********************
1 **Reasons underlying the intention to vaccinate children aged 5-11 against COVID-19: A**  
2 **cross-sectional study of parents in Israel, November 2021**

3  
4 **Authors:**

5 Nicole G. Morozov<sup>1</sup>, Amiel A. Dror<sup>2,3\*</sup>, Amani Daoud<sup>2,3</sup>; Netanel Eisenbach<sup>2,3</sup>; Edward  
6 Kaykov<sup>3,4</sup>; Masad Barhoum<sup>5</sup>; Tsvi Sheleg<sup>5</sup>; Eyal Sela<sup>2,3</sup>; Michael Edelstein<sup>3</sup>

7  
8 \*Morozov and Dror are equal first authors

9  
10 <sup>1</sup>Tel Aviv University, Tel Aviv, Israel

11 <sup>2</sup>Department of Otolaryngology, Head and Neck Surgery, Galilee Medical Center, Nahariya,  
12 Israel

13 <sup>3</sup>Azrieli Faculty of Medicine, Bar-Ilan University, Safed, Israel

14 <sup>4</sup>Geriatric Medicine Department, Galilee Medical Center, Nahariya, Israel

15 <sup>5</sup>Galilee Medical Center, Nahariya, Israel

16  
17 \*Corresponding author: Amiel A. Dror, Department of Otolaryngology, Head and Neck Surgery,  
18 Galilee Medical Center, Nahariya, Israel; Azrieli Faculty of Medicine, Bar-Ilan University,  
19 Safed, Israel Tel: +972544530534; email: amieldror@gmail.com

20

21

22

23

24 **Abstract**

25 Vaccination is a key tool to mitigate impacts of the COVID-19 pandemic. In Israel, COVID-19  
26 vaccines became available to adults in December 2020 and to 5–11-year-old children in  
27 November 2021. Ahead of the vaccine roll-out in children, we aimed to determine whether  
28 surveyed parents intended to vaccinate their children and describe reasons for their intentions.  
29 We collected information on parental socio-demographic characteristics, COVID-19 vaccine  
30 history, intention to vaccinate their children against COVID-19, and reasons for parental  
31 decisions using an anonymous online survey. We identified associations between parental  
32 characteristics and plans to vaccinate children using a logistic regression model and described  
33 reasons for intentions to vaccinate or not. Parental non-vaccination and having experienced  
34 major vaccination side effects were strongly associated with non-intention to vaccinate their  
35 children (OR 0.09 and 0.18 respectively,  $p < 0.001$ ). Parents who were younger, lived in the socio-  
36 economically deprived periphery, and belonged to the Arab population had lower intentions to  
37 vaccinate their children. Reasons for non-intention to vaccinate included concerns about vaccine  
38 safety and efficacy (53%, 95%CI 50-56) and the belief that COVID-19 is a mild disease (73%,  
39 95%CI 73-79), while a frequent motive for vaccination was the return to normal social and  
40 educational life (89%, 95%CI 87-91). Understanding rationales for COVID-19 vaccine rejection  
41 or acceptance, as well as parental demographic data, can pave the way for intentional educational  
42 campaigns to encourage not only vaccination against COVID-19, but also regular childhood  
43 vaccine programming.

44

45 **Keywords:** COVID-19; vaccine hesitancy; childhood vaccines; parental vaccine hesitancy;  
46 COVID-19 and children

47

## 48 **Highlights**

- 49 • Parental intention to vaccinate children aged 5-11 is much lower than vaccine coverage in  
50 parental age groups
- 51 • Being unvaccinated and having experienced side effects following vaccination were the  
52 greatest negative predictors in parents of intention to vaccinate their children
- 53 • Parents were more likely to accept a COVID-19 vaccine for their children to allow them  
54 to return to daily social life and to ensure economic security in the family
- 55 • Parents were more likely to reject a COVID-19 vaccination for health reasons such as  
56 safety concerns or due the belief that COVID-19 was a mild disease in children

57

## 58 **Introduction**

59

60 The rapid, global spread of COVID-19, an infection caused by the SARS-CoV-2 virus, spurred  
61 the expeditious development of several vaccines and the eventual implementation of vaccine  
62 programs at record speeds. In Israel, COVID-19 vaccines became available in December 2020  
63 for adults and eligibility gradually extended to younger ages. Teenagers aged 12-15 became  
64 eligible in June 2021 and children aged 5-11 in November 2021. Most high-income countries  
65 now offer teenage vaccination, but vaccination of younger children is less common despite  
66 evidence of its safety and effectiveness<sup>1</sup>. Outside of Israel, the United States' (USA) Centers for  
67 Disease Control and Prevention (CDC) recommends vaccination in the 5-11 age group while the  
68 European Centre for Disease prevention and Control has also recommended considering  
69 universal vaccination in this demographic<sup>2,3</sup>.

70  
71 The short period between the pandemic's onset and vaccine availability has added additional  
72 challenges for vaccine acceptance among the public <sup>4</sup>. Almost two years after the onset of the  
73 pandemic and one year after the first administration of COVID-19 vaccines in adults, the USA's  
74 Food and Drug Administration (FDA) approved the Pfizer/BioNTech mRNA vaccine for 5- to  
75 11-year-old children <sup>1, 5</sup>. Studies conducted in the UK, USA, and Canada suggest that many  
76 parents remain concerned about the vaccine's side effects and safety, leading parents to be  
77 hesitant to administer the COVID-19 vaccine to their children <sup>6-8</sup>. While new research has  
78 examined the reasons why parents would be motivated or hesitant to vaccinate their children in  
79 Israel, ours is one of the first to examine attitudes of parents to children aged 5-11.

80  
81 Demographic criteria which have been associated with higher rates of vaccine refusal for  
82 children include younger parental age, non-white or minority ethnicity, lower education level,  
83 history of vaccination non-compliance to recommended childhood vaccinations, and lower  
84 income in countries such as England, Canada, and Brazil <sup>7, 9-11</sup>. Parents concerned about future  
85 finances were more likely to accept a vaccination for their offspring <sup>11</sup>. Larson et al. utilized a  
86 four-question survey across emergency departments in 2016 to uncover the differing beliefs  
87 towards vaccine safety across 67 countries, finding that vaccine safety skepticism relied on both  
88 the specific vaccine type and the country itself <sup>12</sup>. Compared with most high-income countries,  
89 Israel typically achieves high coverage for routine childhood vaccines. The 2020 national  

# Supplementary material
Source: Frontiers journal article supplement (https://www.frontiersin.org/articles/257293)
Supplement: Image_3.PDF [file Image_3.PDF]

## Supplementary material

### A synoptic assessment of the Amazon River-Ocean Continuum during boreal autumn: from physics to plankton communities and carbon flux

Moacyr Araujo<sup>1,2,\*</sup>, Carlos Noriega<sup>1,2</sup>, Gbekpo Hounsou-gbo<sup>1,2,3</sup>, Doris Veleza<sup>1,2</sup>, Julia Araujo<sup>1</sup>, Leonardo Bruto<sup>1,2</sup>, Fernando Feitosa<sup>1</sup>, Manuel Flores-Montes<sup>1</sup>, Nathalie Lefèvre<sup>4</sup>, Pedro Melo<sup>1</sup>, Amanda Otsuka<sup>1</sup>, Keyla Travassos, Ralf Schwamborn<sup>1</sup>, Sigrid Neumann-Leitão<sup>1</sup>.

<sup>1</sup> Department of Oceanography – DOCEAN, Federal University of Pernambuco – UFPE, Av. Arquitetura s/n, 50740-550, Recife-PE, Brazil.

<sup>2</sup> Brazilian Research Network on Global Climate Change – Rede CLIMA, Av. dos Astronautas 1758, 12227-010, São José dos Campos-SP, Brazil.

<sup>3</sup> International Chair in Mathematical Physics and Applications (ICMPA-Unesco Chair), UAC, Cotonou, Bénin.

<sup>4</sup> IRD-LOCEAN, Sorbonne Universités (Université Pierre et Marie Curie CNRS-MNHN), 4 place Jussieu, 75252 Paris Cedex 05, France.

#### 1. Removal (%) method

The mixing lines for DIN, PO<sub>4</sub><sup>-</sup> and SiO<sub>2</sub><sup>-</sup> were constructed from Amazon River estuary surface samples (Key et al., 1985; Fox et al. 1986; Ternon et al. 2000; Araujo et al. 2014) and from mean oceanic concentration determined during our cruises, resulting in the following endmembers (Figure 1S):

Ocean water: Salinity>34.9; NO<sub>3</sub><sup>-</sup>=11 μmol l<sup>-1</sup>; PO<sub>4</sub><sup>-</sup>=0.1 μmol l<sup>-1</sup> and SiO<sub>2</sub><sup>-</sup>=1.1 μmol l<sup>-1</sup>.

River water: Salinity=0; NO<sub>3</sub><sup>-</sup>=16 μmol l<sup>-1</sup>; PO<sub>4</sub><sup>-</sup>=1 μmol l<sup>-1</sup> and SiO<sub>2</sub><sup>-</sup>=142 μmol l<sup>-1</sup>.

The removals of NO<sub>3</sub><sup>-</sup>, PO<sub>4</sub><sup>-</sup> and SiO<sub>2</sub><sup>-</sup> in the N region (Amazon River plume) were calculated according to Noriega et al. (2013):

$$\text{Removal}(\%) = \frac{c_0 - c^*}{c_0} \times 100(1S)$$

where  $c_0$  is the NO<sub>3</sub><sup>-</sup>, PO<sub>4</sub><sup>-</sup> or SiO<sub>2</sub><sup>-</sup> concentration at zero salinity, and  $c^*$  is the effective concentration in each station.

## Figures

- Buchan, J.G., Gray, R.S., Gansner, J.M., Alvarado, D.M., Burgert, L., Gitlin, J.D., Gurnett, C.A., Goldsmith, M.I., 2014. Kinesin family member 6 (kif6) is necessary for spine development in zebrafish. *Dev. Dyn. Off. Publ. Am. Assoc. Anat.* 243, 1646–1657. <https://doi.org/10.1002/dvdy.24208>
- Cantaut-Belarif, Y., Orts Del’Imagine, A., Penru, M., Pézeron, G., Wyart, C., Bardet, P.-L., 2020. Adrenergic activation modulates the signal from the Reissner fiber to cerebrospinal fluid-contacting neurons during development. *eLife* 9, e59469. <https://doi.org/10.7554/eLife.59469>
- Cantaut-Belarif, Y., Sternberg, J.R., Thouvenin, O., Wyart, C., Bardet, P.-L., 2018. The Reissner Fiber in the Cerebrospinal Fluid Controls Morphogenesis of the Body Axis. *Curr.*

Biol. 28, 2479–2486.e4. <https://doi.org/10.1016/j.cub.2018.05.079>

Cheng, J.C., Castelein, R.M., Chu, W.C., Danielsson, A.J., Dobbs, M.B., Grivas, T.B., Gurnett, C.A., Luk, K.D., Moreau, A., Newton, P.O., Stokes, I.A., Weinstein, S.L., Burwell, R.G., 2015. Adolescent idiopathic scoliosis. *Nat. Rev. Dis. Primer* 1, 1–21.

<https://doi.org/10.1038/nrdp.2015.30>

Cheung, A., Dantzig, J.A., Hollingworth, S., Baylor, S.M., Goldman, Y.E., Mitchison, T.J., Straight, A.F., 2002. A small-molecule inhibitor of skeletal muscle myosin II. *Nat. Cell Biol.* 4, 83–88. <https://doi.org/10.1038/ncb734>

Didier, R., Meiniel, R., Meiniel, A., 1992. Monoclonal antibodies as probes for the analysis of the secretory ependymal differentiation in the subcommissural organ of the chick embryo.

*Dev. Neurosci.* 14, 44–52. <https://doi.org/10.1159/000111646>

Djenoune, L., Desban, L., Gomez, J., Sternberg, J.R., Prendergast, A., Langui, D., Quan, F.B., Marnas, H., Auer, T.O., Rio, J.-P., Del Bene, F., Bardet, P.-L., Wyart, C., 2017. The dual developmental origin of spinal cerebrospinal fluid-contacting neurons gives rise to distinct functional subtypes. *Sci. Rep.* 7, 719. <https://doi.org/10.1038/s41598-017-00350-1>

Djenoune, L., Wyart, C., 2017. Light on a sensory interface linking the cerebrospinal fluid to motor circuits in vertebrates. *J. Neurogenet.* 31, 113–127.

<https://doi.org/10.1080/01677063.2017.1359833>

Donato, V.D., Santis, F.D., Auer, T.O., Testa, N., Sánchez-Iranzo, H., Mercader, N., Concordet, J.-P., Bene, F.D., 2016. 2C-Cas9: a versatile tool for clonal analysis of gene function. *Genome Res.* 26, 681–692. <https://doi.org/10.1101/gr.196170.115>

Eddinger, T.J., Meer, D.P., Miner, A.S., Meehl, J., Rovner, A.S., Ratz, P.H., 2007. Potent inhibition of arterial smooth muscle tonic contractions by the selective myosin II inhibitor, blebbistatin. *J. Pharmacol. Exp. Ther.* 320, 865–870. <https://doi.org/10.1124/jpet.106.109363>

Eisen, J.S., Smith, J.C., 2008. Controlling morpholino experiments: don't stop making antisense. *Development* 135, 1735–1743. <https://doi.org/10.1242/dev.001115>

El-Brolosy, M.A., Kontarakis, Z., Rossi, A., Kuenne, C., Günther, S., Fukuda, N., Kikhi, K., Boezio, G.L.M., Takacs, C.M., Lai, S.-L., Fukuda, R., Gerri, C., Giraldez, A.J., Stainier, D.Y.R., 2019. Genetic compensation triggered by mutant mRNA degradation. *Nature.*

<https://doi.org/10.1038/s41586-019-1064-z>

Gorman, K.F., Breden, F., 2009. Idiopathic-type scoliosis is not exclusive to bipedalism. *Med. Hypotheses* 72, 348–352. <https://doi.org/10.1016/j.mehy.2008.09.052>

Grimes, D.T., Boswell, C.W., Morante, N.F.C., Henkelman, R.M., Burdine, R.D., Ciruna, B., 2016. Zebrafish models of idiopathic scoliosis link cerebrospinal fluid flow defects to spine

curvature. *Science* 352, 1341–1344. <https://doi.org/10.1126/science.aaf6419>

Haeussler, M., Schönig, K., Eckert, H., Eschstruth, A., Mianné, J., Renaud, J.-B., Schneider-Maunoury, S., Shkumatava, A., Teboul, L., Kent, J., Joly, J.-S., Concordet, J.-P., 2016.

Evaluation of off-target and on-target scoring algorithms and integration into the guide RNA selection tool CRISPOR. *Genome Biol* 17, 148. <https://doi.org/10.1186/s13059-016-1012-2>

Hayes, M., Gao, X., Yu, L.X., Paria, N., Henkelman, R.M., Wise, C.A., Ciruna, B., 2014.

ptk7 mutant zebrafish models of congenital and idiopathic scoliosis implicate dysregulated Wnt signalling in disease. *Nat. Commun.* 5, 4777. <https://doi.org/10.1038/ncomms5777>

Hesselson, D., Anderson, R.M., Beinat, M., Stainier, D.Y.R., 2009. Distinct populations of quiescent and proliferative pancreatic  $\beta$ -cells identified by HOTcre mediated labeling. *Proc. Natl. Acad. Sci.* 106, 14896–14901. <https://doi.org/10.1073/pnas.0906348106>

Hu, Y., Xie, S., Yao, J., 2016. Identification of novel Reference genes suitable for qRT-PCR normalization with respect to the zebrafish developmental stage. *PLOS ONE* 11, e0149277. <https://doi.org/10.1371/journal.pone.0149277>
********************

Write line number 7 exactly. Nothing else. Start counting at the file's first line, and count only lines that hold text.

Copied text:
7  